As of this writing, April 28, Minnesota had 0 percent of its annual corn crop planted according to National Ag Statistics. Compare this to the long term average of 22 percent and you can see why there is a lot of concern about what is happening with the weather.
A few days of warm weather with a little drying wind can change things in a hurry. However, there is a bigger picture to look at. According to rainfall reports, Missouri, Ohio, Illinois and Indiana are also well behind in planting corn. Typically, the corn belt planting season starts in the southern U.S. and heads north with the first acres being planting in Kentucky and adjoining states back sometime in March. Some acres have been planted but recent rainfall amounts totally eight inches or more have stopped corn planting in its tracks.
Again, just a few days of decent weather will get us back on track. Modern agriculture has the ability to really get on the stick and get the crop in the ground in a big hurry if necessary.
Corn is king around southern Minnesota. We feed a lot of it and, along with soybean production, provides the bulk of farm income from crops. It is also the number one livestock feed in our area with many bushels feeding hogs, poultry and cattle thus providing value-added production.
Once it is planted, corn needs two things in order to germinate, moisture and heat. We have plenty of moisture, but we are very short of heat. It was a very cold, long winter. The long winter happened last year too. However, March of 2010 saw dry conditions with winter ending early and a great spring that allowed farmers out into the field early. In fact, we thought maybe we were getting out too early with most of the corn in the ground by the last week of April. However, as the growing season progressed, we saw one of the most ideal growing seasons ever culminating with excellent yields and a long fall season to finish tillage and other fieldwork. This year we have not had the warm temperatures needed to warm soils to get temperatures up to germination levels. As recently as April 22, soil temperatures were still below 40 degrees. Corn needs a soil temperature of 52 degrees in order to germinate. Even if we had been able to get into the field and plant the corn would have laid in the soil and not germinated. This opens up the possibility of seed rotting in the ground. It would have to lay there for at least 10 14 days before we would see significant losses.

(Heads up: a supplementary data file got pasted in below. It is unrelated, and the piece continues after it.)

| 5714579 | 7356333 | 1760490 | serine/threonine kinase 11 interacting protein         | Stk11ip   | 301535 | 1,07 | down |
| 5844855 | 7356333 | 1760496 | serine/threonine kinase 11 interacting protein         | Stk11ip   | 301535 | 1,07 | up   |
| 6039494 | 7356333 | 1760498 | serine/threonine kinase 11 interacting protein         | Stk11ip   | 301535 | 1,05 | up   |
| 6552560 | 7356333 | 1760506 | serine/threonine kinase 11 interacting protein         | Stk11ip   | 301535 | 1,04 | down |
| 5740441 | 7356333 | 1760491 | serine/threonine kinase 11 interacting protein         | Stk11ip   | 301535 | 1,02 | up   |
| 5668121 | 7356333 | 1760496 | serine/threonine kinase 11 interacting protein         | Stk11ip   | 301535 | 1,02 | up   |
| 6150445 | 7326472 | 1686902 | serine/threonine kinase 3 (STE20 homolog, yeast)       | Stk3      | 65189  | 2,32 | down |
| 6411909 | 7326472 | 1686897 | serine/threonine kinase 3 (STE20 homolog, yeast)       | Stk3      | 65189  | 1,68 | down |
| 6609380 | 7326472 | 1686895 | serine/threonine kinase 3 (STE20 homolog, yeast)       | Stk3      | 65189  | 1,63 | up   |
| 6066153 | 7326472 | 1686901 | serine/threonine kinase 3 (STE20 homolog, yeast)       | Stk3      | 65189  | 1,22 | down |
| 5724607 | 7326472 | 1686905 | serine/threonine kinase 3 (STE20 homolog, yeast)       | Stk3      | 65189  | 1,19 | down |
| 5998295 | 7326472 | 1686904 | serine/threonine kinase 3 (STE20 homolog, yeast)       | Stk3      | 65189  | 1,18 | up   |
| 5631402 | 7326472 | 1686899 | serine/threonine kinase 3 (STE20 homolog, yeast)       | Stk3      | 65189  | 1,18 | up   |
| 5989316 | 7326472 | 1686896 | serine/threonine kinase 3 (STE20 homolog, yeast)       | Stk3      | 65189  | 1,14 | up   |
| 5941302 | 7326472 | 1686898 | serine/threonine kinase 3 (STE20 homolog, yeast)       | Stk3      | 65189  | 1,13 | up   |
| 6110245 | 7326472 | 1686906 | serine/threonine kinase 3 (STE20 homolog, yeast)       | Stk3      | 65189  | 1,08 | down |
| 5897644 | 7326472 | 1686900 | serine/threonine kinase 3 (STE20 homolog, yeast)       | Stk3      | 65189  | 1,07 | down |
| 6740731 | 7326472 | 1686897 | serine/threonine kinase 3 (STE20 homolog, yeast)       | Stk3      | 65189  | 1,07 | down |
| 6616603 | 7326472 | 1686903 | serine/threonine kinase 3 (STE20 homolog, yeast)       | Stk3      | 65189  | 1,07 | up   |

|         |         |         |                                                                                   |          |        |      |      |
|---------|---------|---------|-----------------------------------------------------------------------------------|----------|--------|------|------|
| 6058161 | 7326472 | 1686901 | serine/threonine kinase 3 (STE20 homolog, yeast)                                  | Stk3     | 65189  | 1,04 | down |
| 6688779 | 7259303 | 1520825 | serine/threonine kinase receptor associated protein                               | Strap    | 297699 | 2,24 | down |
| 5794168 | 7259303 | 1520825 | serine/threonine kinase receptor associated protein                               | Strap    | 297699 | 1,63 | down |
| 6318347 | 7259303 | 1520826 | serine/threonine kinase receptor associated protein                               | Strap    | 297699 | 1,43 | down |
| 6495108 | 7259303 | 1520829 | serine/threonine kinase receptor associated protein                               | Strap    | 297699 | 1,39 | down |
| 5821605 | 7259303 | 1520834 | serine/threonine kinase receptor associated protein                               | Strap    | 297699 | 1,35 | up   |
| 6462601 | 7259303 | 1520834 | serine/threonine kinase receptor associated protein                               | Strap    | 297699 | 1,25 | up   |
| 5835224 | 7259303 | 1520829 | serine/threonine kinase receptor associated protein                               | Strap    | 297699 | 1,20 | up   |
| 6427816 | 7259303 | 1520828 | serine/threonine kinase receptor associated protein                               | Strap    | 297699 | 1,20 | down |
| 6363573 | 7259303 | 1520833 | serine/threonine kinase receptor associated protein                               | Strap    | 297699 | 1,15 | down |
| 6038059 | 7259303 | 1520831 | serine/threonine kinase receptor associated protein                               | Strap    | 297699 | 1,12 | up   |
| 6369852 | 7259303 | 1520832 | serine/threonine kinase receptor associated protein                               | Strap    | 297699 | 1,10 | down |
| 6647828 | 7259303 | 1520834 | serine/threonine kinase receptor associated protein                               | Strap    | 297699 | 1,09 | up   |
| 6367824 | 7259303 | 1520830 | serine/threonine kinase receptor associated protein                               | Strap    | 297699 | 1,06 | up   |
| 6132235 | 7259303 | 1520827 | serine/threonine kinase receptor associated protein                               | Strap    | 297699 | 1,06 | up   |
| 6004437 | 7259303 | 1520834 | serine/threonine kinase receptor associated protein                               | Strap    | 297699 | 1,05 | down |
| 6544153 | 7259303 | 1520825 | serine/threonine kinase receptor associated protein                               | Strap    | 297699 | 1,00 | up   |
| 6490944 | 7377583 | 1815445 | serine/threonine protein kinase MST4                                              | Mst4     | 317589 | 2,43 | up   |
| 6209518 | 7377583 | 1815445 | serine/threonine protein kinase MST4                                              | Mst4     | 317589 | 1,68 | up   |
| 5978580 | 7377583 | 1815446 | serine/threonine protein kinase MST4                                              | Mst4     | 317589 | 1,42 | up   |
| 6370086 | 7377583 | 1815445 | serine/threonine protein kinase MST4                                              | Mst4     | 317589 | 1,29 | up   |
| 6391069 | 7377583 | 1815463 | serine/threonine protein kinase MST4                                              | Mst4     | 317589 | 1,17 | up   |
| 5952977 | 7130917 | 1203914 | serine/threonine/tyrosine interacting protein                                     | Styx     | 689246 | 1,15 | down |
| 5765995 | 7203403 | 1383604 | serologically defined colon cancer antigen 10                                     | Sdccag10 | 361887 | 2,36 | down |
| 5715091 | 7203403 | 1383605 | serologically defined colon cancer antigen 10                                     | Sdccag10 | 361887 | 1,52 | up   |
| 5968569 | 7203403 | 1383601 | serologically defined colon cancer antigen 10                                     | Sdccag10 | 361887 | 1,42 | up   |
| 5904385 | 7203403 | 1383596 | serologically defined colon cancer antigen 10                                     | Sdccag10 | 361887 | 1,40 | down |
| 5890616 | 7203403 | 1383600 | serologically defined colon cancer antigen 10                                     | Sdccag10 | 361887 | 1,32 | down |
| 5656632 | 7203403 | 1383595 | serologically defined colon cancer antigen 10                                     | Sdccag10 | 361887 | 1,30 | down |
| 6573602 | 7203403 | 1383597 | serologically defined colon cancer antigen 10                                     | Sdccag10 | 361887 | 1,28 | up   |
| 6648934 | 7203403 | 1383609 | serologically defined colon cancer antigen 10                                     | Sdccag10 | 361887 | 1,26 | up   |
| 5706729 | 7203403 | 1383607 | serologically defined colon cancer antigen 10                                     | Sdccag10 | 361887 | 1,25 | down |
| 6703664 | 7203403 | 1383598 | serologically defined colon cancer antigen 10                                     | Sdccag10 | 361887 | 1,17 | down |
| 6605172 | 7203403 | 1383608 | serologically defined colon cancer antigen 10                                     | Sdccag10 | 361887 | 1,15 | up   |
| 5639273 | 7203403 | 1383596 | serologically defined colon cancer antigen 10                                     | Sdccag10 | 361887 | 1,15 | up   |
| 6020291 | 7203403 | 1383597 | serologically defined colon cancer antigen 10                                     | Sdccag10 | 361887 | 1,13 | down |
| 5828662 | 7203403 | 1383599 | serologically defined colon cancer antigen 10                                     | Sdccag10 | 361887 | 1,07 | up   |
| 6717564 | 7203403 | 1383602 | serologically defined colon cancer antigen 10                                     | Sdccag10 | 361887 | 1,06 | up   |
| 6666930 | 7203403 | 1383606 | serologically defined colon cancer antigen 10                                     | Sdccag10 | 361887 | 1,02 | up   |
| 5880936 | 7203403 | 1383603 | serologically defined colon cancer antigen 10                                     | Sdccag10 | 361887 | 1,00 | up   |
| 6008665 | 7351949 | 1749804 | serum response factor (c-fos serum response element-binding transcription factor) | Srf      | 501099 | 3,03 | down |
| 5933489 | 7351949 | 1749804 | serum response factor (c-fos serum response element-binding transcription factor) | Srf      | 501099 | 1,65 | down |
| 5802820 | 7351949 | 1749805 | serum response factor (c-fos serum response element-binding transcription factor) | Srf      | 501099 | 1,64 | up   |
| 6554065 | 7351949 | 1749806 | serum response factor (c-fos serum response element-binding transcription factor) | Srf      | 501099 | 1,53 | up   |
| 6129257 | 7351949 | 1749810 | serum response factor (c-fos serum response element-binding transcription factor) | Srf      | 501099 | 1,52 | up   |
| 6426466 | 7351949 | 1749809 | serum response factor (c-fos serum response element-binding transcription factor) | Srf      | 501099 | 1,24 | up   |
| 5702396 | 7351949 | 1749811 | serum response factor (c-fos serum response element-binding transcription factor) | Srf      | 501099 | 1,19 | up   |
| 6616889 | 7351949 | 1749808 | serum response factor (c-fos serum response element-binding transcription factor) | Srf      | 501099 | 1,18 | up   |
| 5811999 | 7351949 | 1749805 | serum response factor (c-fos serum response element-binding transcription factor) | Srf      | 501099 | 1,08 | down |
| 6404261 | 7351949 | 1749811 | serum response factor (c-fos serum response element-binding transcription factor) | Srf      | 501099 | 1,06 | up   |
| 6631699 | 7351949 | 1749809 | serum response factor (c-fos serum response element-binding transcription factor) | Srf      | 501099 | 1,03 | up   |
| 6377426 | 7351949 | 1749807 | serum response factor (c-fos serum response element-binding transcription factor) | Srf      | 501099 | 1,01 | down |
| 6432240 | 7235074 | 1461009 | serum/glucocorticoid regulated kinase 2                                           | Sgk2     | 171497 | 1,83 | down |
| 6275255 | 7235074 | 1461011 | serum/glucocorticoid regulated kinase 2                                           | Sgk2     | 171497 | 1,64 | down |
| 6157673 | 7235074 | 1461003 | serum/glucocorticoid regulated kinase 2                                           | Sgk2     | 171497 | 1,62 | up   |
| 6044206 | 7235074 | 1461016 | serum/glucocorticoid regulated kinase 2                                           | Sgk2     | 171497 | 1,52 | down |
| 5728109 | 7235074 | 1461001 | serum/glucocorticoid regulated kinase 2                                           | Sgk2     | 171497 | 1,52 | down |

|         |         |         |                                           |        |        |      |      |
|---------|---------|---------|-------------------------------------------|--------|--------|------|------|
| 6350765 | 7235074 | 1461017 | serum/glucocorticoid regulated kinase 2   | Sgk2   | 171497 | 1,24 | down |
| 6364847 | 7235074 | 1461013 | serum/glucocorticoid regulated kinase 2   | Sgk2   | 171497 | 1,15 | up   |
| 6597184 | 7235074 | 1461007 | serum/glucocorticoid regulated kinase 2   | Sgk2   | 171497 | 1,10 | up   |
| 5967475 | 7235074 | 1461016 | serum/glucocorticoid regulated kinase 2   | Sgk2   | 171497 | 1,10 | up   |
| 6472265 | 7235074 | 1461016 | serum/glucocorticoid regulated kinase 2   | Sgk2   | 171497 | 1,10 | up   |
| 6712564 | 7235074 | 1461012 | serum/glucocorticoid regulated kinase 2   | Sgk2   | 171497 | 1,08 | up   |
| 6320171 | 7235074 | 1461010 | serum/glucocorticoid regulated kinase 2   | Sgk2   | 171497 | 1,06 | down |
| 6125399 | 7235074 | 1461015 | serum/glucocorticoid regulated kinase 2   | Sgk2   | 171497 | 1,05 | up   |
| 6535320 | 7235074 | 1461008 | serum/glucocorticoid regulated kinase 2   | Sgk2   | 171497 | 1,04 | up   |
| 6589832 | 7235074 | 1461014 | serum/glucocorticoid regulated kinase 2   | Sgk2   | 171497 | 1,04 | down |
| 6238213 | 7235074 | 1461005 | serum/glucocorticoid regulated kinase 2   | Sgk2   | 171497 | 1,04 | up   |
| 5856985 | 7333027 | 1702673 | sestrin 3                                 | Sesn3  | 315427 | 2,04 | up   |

So where does this leave us now? If we can get into the field in the next few days, we can get the majority of the corn in the ground by early May. Long-term research shows that we do not start seeing significant corn yield losses until after May 5-7. Then we can start seeing potential yields start to fall about 1 percent per day. But that also depends on what happens the rest of the summer. If the weather warms up and stays there, the corn can catch up and reach maturity in a timely fashion. One advantage we did have this year was early snow cover which did not allow a lot of frost in the ground. This meant that the snow soaked down into the soil as it melted with very little runoff. The caution here is to avoid getting into the field before soil conditions are right. If tillage occurs with excessive moisture in the soil, compaction can occur and cause major problems.
For more information on farm business management, please contact Wayne in the Sleepy Eye area or Rich in the New Ulm area.